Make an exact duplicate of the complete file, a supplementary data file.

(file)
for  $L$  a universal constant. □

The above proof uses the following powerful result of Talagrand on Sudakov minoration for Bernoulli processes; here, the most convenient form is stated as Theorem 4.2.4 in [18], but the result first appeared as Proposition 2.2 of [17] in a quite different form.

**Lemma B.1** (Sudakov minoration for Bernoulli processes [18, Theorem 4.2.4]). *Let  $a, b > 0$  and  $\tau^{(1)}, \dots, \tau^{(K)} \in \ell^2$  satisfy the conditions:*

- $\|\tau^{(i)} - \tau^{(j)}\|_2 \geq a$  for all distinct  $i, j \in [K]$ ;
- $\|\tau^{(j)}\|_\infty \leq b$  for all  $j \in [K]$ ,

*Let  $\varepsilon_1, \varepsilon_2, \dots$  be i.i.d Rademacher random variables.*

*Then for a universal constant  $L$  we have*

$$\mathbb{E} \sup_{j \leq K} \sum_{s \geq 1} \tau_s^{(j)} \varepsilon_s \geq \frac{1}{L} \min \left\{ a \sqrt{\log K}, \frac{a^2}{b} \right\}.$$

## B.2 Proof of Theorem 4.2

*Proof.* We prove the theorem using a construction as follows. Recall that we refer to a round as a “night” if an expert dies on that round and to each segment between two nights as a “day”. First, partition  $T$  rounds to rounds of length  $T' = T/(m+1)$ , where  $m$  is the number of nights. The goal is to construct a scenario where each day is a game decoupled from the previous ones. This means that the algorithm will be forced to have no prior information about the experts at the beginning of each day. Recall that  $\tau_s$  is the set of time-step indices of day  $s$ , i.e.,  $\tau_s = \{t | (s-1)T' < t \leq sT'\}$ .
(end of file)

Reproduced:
for  $L$  a universal constant. □

The above proof uses the following powerful result of Talagrand on Sudakov minoration for Bernoulli processes; here, the most convenient form is stated as Theorem 4.2.4 in [18], but the result first appeared as Proposition 2.2 of [17] in a quite different form.

**Lemma B.1** (Sudakov minoration for Bernoulli processes [18, Theorem 4.2.4]). *Let  $a, b > 0$  and  $\tau^{(1)}, \dots, \tau^{(K)} \in \ell^2$  satisfy the conditions:*

- $\|\tau^{(i)} - \tau^{(j)}\|_2 \geq a$  for all distinct  $i, j \in [K]$ ;
- $\|\tau^{(j)}\|_\infty \leq b$  for all  $j \in [K]$ ,

*Let  $\varepsilon_1, \varepsilon_2, \dots$  be i.i.d Rademacher random variables.*

*Then for a universal constant  $L$  we have*

$$\mathbb{E} \sup_{j \leq K} \sum_{s \geq 1} \tau_s^{(j)} \varepsilon_s \geq \frac{1}{L} \min \left\{ a \sqrt{\log K}, \frac{a^2}{b} \right\}.$$

## B.2 Proof of Theorem 4.2

*Proof.* We prove the theorem using a construction as follows. Recall that we refer to a round as a “night” if an expert dies on that round and to each segment between two nights as a “day”. First, partition  $T$  rounds to rounds of length  $T' = T/(m+1)$ , where  $m$  is the number of nights. The goal is to construct a scenario where each day is a game decoupled from the previous ones. This means that the algorithm will be forced to have no prior information about the experts at the beginning of each day. Recall that  $\tau_s$  is the set of time-step indices of day  $s$ , i.e.,  $\tau_s = \{t | (s-1)T' < t \leq sT'\}$ .